My great uncle Archie Moffitt was a water-witcher here in the Valley. His preferred witching tool was a saw. It takes a special ‘gift’ to be sensitive enough to feel those vibrations. (So…if this writing thang doesn’t work out, you can always go into the water-witchin’-well-drilling line of work…) Of Uncle Archie’s sons and grandsons, I’m only aware of one son who has that ‘gift’. Perhaps he’s the only one who’s tried.

  2. Shereen
    Aug 03, 2012 @ 10:09:35

    145 feet and 15 gallons/min! That’s great! We had to go down 322 feet. So happy for you guys!

  3. Lisa Rae
    Aug 03, 2012 @ 10:17:18

    WHOOP! love dowsing…

  4. Christopher Donn
    Aug 03, 2012 @ 10:30:45

    Grats! No gamble, no future.

  5. Ruthann Croda
    Aug 03, 2012 @ 10:39:40

    WOW!!!! So happy for you. It’s always a wonder to me the things we take for granted….like running water… Any chance we will be hearing about a ‘Snow Child’ movie in the future???? I think of her ealmost every day and marvel at your mind.

  6. Alexandra Mary Roach
    Aug 03, 2012 @ 11:25:59

    Glad about the water… remember the drought we had when I was a child and saving every drop but the idea of not being able to turn on a tap…

    Half hope there won’t be a film unless someone sensitive like Peter Weir directed. Fed up with my favourite books being spoiled. Think I like the author’s word pictures better…

  7. Melanie Mazur
    Aug 03, 2012 @ 12:23:00

    Awesome! Lots of folks here haul water, and we’re lucky enough to have a good well, so I share in your joy.

  8. Yaya
    Aug 03, 2012 @ 12:57:11

    Terrific! Papa and I have been waiting to hear good water news

  9. NathanDunbar
    Aug 03, 2012 @ 16:47:01

    You know, your entire living experience could sound quite horrifying to a city-boy like me, but I find your way of life rather idyllic and enviable. While I am so thankful for all that’s available to me in the heart of Chicago, I still try to nurture my roots of growing up in a tiny farm town downstate. Alaska has always been on my states-to-visit bucket list and following your blog further strengthens that aspiration. As always, thanks for sharing!

  10. Nancy
    Aug 03, 2012 @ 18:59:46

    Congratulations Eowyn to you and your family – a good (not too deep) well is a cause for celebration! We have had the good fortune to witch two “good” wells so we know the relief when you see water coming out of the ground!

  11. Barbara Phillips
    Aug 03, 2012 @ 21:22:04

    Eowyn, praising the Lord with y’all…WATER AT LAST! After living in Fort Yukon, Alaska for a long number of years with a “water barrel” for our water source I certainly appreciate the excitement you and family are feeling with this new discovery! Congratulations!

  12. Christine Arnone
    Aug 04, 2012 @ 02:39:30

    yay !! So happy for finding your water relatively fast and easily. Hope it doesn’t take too much longer to get it hooked up to the house.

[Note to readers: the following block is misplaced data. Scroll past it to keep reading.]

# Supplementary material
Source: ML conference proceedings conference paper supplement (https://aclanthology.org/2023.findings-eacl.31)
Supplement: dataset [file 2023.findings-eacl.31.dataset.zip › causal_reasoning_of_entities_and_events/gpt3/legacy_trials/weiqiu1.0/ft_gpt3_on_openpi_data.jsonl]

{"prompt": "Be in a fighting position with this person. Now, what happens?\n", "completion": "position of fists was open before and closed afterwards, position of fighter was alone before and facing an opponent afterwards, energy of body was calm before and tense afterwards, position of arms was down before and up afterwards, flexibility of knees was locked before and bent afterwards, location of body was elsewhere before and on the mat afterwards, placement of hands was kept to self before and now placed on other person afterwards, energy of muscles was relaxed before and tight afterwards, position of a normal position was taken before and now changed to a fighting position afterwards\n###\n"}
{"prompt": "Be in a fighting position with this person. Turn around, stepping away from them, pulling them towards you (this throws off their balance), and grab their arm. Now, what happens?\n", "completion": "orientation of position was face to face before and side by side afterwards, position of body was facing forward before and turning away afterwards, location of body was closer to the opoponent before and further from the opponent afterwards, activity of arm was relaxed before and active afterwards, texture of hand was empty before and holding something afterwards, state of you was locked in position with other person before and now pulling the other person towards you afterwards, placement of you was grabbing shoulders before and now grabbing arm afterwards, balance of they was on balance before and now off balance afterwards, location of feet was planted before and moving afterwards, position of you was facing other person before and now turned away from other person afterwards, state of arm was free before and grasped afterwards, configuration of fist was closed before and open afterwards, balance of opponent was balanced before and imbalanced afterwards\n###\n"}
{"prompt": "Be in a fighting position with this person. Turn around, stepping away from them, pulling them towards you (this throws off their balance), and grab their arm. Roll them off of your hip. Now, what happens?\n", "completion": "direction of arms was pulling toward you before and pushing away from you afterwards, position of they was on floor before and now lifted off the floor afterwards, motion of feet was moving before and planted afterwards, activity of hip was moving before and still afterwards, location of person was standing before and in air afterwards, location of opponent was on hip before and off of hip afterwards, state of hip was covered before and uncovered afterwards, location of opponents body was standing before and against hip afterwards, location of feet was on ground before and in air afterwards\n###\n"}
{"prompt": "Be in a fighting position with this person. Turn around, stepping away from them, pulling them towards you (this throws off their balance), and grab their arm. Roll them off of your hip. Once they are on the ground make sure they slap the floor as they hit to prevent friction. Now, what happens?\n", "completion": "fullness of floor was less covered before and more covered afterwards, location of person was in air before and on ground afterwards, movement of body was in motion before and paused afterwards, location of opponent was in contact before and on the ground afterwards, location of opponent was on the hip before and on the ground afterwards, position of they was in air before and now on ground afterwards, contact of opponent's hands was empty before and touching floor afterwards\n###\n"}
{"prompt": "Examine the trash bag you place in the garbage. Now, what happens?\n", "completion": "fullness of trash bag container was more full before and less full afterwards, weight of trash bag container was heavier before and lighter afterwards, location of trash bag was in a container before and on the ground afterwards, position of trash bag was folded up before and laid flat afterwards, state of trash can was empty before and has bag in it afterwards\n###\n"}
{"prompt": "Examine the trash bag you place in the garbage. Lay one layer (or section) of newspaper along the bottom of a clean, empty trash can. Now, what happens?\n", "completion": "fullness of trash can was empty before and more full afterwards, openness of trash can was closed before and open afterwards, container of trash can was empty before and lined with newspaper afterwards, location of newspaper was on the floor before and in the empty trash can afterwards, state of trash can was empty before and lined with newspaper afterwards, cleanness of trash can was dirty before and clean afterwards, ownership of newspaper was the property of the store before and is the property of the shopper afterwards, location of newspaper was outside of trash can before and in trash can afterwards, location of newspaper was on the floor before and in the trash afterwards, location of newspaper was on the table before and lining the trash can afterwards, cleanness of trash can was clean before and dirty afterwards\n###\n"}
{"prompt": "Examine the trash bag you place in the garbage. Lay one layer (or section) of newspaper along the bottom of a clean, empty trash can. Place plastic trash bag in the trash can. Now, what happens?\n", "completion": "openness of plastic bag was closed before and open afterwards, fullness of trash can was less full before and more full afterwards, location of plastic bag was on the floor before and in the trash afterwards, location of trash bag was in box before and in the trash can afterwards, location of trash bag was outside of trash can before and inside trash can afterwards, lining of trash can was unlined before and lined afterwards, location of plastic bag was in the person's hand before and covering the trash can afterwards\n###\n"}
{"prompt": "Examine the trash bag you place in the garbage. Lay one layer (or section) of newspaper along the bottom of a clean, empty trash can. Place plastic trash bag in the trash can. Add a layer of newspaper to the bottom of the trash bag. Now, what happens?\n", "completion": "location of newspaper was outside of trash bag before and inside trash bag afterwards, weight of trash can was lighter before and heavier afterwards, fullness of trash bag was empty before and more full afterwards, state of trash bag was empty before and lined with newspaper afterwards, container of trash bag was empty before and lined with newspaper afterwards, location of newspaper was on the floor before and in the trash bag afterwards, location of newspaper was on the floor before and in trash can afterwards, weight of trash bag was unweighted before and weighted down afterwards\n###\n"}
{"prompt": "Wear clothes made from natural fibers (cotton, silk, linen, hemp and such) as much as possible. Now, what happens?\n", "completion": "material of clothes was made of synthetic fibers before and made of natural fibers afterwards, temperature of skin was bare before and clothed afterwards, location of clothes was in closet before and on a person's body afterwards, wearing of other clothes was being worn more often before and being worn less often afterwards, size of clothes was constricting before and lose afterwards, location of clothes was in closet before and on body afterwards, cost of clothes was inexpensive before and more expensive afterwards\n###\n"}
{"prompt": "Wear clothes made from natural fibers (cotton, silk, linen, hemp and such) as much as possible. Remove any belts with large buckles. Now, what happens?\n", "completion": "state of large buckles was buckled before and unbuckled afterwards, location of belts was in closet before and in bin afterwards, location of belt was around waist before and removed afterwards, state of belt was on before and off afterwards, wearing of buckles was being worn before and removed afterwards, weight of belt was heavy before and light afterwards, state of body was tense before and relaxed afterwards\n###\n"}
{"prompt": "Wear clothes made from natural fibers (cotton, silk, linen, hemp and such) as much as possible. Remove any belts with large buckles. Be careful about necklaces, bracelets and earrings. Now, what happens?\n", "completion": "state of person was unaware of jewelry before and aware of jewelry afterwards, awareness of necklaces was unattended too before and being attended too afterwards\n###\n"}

13. Claire 'Word by Word'
    Aug 04, 2012 @ 04:27:28

    What a wonderful story and a special experience that you both were drawn to the same spot and it bore fruit (well water) and that your beautiful creation the story of ‘The Snow Child’ in some way made it all possible. Enjoy your baths and showers from now on 🙂

  14. Ann DeSalvo
    Aug 04, 2012 @ 04:34:01

    I guess the important word is “believe”. Here in Iowa the important word is “water” . We have had only 1/2 in ch of rain since middle of May so I live in the extreme drought area. I don’t have a crop that is failing but my shady yard has lots of expensive hostas so I am running sprinklers. My water supply comes from the Mississippi river but it is also getting low. I am grateful that I am not making my living from results of this drought.

  15. Ann DeSalvo
    Aug 06, 2012 @ 10:13:13

    Update—be careful for you wish for, here in Ipwa we had a big storm and had almost 2 inches of rain but a large tree in my yard blew done and Lea Ded on some of my best hostas so I am looking forward to next spring when all will look all again

  16. Marigold Jam
    Aug 10, 2012 @ 05:19:30

    Have just finished reading your book The Snow Girl – wanted to tell you how much I enjoyed it. I can’t remember another book which affected me so much I felt compelled to write to the author. Sitting in the sunshine here in England reading about Alaskan winters was a surreal experience as indeed was the story. Loved it and am only sorry that I’ve finished it. Glad that readers like me enabled you to have water without the effort of hauling it. I will be following your doings in future.

  17. Sandy becker
    Aug 13, 2012 @ 04:52:27

    Eowyn, I work with your father in law, Dr. Ivey in Florida, and I was fascinated by your water witching story. My mother in law (now in heaven) was also a dowser and could find water by water witching. She lived in the mountains of WA state many years ago and that is how they found a well. My husband now has that gift, so it was neat hearing how you did the water witching and found water. I enjoy your stories very much! Keep them coming.
    Sandy Becker